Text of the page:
Last week at a gathering I told some new acquaintances about a book club I'm in, a group that discusses cookbooks and other food literature. "But what kind of 'food literature' is there besides cookbooks?" one of them asked. I was reminded that, unlike the eat-seeking gastronomy addicts in my reading circle, not everyone knows how jammed library catalogs are these days with titles on food history, food politics, food fiction, food humor, food art and food memoir (not to mention actual recipe collections supplemented with the aforementioned).
Among these is an impressive accumulation of publications by local authors. 'Tis list-making season, so below is a list of some recently issued ones. Think of them as gift ideas for the history buffs, politicos, fiction hounds, comics, art lovers, nostalgists - and oh, yes - cooks in your life:
Apple Betty and Sloppy Joe: Stirring Up the Past with Family Recipes and Stories, by Susan Sanvidge et al. (Wisconsin Historical Society Press). Four sisters from Oshkosh pay droll, heartwarming homage to Mom's cooking in a collection that will resonate especially with baby boom Midwesterners. As noted on the title page: "No garlic was harmed in the production of this book." It's scheduled to be in stores by Dec. 15.
Six Spices: A Simple Concept of Indian Cooking by Neeta Saluja (Jones Books). A Madison-based, first-time author gives us this elegantly straightforward approach to a complex cuisine. With full-page color photos, lucid recipes and helpful overviews on technique, it's worthy of the coffee table or a spot front and center on the kitchen countertop.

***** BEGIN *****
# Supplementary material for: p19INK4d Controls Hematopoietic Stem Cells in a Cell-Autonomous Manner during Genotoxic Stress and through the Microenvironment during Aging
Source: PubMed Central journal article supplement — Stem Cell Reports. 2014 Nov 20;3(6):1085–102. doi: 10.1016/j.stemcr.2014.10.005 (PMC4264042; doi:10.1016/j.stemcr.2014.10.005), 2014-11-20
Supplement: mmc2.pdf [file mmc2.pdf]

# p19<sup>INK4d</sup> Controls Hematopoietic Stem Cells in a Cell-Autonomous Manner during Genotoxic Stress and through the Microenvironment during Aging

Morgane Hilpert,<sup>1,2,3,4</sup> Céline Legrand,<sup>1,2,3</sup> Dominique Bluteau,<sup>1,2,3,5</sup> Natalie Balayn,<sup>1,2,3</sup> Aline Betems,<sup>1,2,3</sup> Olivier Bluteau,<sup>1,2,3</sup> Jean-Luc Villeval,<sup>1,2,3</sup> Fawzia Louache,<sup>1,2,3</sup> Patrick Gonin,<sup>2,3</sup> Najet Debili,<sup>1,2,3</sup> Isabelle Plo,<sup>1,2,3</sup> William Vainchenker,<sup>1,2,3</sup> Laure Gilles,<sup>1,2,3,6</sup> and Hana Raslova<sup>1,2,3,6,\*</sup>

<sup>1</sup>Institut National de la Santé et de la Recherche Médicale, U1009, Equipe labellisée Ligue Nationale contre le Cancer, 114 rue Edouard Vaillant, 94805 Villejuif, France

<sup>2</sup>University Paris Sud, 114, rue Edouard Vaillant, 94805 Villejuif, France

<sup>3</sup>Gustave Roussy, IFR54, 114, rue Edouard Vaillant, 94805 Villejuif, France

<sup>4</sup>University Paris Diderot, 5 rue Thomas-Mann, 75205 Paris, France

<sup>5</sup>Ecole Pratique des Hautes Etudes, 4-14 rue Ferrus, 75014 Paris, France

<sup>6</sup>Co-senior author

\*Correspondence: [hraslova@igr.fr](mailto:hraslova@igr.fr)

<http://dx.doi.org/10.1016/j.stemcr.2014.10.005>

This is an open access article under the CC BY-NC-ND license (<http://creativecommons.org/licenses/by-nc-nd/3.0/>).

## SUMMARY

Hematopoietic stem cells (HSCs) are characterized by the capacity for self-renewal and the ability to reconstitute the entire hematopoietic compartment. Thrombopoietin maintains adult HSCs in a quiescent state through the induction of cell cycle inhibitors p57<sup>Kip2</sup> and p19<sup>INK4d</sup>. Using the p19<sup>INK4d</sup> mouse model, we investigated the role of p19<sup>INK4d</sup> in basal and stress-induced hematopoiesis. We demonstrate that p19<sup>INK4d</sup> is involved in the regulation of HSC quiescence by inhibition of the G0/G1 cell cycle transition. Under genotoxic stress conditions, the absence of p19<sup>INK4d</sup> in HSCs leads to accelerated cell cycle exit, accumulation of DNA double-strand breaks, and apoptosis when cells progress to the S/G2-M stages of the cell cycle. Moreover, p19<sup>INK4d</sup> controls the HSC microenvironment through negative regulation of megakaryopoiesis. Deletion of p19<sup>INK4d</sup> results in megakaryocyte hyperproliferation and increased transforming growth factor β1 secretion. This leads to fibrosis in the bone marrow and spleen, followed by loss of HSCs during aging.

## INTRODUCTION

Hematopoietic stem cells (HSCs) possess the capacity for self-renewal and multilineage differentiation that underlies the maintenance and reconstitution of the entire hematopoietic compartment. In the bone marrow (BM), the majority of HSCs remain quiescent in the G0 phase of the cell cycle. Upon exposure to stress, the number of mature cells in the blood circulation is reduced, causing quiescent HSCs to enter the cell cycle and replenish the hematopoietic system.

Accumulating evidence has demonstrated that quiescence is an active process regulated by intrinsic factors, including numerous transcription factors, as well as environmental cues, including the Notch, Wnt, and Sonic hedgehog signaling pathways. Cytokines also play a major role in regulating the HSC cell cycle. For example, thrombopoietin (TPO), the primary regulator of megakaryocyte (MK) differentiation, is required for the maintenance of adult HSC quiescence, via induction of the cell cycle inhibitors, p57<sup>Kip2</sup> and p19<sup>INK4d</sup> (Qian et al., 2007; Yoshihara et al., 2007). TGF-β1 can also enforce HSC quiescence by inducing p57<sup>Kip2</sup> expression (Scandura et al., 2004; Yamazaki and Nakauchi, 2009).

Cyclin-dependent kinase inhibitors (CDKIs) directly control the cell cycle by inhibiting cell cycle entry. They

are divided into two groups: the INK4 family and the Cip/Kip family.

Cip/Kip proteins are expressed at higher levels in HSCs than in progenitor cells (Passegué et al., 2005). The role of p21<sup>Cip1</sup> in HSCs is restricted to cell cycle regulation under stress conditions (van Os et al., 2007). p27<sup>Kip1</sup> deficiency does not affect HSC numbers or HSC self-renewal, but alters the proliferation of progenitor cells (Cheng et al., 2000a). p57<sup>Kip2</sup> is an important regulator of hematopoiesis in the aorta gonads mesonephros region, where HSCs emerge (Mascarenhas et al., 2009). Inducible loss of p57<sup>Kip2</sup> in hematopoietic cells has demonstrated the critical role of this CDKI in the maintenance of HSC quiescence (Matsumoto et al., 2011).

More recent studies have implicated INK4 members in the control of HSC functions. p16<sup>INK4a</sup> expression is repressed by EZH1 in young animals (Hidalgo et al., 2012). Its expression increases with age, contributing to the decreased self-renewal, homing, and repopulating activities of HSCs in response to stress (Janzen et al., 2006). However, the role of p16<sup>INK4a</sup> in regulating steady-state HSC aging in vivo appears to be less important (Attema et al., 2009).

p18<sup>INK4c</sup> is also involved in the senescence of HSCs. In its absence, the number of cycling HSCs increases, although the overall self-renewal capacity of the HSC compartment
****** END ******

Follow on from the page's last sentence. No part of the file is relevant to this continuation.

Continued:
Potluck! Home Cooking from Wisconsin's Community Cookbooks, by Toni Brandeis Streckert (Trails Books). "Bits of living, still-unfolding history can be discovered in the recipes found between the pages of community cookbooks," says the author, a Madison writer. Her thoughtful compilation proves how Wisconsin's "potluck culture" celebrates and strengthens community and heritage.
Brewed Awakenings: An Illustrated Journey to Coffeehouses in Wisconsin (and Beyond), by Jeff Hagen (Itchy Cat Press). Another little chuckle-inducing treasure from the artist who portrayed Wisconsin fish fries in Fry Me to the Moon.
A Recipe for Success: Lizzie Kander and Her Cookbook, by Bob Kann (Wisconsin Historical Society Press). Geared for grade-schoolers but of interest to anyone curious about one of Wisconsin's first "celebrity chefs," this is a biography of the woman who wrote The Settlement Cook Book, the most profitable charity cookbook ever published.
Madison Originals Cookbook (Madison Originals). With a foreword by Odessa Piper, this collection offers recipes from local, independent restaurants.
Also in the category of food-related writings: Renewing the Countryside: Wisconsin (Renewing the Countryside), an engaging compilation of essays about sustainable living endeavors around the state, with many "food stories" about organic farmers, artisan cheesemakers, farm-to-school programs and the like; Odd Wisconsin: Amusing, Perplexing, and Unlikely Stories from Wisconsin's Past, by Erika Janik (Wisconsin Historical Society Press), a quirky, winking guide to the weird in Wisconsin; operative here is the "Palatable Peculiarities" chapter (whiskey-stuffed cat's bladder, anyone?)
Then there is In a Pickle: A Family Farm Story, by Jerry Apps (Terrace Books), a poignant tale about a small-town pickle factory, from Wisconsin's guru of rural life. And last but not in the least bit serious - Mustard on a Pickle, a children's book written by Mount Horeb's own master of mustard, Barry Levenson, and illustrated by Chris Miles (Chapter Eleven Press).